The Summer of 2012 will forever be remembered as the time in which the Los Angeles Lakers returned to upper echelon of the NBA's elite. With trades for two-time MVP Steve Nash and three-time Defensive Player of the Year Dwight Howard, Showtime has finally been restored and dreams of a title have found validity.
The road to redemption begins when the Lakers host their state rival Golden State Warriors on Sunday, October 7th in a preseason game.
The NBA will be watching closely as the star-studded Lakers battle the upstart Warriors for the year's first source of momentum. One of the notable absences from the upcoming battle, however, may place an asterisk next to the confidence built by either side.
According to Dave McMenamin of ESPN Los Angeles, three-time Defensive Player of the Year Dwight Howard will be sidelined for at least the first preseason game of the year. Howard is currently recovering from back surgery, thus impeding his participation in full contact drills.
As for when he's due to return, don't expect the big man to rush back. Regardless of how much temptation there may be, D-12 will not participate in game activities until he feels he has reached 100 percent.
"I'm still trying to regain strength," [Dwight] Howard told the Lakers' team website. "I'm not playing until I'm 100 percent. Just because I'm doing drills with the team or running up and down, it doesn't mean I'm ready to play in a game. There's a difference between running up and down and being actually out there battling. When I'm 100 percent and able to go, then I'll go."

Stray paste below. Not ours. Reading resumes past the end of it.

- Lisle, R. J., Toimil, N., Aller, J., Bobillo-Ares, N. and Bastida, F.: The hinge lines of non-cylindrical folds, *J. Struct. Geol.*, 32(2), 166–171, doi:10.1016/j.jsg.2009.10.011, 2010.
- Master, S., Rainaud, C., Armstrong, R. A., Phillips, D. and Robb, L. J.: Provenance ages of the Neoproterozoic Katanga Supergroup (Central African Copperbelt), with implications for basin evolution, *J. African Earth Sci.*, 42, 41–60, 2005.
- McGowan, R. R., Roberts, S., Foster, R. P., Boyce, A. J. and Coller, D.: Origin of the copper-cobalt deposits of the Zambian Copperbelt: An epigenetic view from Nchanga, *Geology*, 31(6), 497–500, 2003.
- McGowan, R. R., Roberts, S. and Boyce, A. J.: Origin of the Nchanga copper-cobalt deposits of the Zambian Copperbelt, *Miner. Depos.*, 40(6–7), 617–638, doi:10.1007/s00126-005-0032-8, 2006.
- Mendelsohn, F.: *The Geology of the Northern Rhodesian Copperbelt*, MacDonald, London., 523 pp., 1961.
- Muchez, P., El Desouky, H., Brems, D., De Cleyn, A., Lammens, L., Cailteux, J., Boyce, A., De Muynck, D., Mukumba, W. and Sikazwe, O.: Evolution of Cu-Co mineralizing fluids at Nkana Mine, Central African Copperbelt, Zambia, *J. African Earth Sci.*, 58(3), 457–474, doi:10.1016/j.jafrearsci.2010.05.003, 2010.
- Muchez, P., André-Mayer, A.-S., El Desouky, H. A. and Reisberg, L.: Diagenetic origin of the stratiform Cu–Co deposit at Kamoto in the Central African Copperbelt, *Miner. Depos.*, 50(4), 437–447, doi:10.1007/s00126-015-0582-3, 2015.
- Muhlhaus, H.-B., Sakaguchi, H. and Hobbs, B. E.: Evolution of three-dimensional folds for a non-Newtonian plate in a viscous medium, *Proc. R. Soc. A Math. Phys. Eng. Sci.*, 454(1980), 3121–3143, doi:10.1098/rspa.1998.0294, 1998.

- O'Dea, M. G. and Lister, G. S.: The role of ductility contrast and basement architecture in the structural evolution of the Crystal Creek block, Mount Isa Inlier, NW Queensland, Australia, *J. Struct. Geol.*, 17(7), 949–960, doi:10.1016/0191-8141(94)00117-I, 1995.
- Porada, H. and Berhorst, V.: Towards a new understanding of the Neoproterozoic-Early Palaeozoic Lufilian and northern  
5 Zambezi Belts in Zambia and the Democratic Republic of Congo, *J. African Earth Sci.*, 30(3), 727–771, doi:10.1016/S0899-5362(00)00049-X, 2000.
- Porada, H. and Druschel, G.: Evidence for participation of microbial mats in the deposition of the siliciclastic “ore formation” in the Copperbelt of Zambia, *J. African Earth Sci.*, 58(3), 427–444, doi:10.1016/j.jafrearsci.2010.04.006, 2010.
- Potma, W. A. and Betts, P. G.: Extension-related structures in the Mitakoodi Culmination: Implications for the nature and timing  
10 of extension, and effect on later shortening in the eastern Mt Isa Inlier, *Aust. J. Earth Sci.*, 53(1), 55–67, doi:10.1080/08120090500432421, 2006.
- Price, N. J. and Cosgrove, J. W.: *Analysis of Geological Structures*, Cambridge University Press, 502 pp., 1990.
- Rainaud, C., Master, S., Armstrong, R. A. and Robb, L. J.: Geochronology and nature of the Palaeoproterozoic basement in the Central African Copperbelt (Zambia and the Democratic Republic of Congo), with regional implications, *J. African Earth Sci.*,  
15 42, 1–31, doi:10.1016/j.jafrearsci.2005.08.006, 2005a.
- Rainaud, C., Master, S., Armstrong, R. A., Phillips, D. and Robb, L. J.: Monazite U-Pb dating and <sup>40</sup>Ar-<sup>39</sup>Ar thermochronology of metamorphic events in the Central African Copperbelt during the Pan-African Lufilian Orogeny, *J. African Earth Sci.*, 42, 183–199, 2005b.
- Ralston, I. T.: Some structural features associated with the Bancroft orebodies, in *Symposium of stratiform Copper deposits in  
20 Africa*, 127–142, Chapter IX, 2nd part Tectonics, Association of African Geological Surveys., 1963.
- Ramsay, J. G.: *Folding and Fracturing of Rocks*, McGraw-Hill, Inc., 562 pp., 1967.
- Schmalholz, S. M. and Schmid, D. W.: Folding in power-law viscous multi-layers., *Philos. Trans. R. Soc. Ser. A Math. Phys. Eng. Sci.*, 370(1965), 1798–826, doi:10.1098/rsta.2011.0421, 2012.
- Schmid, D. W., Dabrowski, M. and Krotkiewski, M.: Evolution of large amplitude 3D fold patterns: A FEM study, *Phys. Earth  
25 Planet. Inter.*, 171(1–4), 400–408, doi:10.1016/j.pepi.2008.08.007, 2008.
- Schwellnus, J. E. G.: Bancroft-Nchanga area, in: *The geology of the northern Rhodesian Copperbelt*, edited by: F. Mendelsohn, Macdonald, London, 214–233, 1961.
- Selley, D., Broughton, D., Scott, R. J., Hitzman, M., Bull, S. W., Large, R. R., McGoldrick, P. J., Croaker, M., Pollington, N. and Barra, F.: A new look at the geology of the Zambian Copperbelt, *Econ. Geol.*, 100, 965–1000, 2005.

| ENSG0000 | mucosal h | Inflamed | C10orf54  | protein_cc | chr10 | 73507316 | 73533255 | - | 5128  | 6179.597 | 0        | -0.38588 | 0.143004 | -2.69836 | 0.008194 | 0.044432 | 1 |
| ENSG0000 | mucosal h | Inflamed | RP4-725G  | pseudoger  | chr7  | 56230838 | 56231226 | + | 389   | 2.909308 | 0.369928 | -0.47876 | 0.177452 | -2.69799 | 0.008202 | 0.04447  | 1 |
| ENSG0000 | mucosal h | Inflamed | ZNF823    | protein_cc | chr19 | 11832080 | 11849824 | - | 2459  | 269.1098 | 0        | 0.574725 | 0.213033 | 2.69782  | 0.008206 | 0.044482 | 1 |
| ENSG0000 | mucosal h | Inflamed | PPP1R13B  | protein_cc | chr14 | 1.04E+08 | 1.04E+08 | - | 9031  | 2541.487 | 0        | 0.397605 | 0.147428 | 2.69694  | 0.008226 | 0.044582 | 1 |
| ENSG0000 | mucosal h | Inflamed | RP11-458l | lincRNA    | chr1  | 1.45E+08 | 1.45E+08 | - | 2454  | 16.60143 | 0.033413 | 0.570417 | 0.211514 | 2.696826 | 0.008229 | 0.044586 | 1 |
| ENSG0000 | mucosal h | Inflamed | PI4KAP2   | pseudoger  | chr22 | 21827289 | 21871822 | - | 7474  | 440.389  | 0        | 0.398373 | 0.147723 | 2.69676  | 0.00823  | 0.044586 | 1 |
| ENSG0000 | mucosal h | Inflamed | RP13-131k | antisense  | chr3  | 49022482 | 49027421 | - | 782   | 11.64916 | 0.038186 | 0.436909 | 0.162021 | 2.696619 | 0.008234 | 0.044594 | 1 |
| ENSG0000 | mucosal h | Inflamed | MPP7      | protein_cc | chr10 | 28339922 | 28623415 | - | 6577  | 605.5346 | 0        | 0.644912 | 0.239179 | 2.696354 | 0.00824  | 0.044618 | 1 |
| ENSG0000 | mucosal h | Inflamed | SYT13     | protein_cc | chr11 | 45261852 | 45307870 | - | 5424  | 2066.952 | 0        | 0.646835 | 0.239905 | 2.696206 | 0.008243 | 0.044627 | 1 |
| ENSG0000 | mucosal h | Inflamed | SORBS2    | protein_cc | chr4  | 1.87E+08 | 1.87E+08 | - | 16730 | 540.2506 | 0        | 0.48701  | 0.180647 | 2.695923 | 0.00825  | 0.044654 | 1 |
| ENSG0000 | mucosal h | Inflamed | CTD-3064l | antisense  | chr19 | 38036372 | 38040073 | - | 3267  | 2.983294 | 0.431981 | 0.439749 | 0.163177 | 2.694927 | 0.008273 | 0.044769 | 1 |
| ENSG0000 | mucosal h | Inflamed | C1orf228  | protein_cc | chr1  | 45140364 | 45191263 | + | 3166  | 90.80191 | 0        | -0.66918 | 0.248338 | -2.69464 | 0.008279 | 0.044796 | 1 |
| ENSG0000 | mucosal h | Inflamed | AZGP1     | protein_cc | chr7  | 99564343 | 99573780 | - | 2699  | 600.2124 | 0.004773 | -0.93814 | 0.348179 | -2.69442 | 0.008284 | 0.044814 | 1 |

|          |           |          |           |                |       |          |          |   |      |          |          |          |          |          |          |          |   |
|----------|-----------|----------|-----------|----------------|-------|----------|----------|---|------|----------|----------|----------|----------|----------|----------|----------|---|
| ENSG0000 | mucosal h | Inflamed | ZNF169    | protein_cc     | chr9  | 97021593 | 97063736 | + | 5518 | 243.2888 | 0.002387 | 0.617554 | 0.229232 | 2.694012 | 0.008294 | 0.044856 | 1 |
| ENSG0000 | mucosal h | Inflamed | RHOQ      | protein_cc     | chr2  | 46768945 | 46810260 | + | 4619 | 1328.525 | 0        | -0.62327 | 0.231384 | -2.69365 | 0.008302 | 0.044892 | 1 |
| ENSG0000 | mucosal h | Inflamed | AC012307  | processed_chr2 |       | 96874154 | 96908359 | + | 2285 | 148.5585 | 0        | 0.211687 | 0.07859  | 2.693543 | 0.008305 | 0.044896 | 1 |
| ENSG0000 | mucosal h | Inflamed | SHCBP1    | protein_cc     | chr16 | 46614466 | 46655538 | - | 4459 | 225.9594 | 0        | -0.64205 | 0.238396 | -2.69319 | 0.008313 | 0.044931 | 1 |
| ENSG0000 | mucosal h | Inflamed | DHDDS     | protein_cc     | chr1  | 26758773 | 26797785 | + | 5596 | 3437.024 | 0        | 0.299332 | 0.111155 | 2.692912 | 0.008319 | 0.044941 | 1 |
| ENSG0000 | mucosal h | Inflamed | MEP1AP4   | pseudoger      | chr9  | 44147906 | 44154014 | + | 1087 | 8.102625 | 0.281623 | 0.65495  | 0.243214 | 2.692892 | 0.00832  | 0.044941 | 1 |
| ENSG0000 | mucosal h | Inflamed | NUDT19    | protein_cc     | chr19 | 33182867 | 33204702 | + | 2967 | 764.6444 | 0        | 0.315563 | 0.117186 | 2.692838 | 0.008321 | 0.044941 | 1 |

More times than not, players will attempt to return from injury as soon as possible. Rather than acknowledging the process, athletes will attempt to take the short road to recovery. As Derrick Rose of the Chicago Bulls will tell you, that approach will do nothing but re-aggravate injuries and force one to be sidelined for longer than expected.
Fortunately, it is not the coach who must battle the player in this instance. Instead, Dwight Howard is taking the necessary precautions to recover to full strength before even considering a return to an NBA court.
Head coach Mike Brown appears to be on the same page in this process of patience.
"Just waiting for the doctors, the trainers and Dwight to clear him, and when that happens, he'll go full tilt," [head coach Mike] Brown said. "But he looks good out there, he does."
Consider the controversy nullified.
With that being said, there is fair reason to believe that Dwight Howard should return sooner rather than later. The Los Angeles Lakers' roster is as revamped as any in the NBA and there will be growing pains as the unit attempts to build chemistry.
Keep in mind that the changes made range well-beyond the addition of Steve Nash and Dwight Howard. Antawn Jamison has been signed to become the team's Sixth Man, while Jodie Meeks and Chris Duhon will also compete for quality minutes.
Furthermore, the Lakers are playing in a conference where early season struggles actually have meaning. The San Antonio Spurs and Oklahoma City Thunder are experienced groups that are almost certain to come out the gates with guns blazing.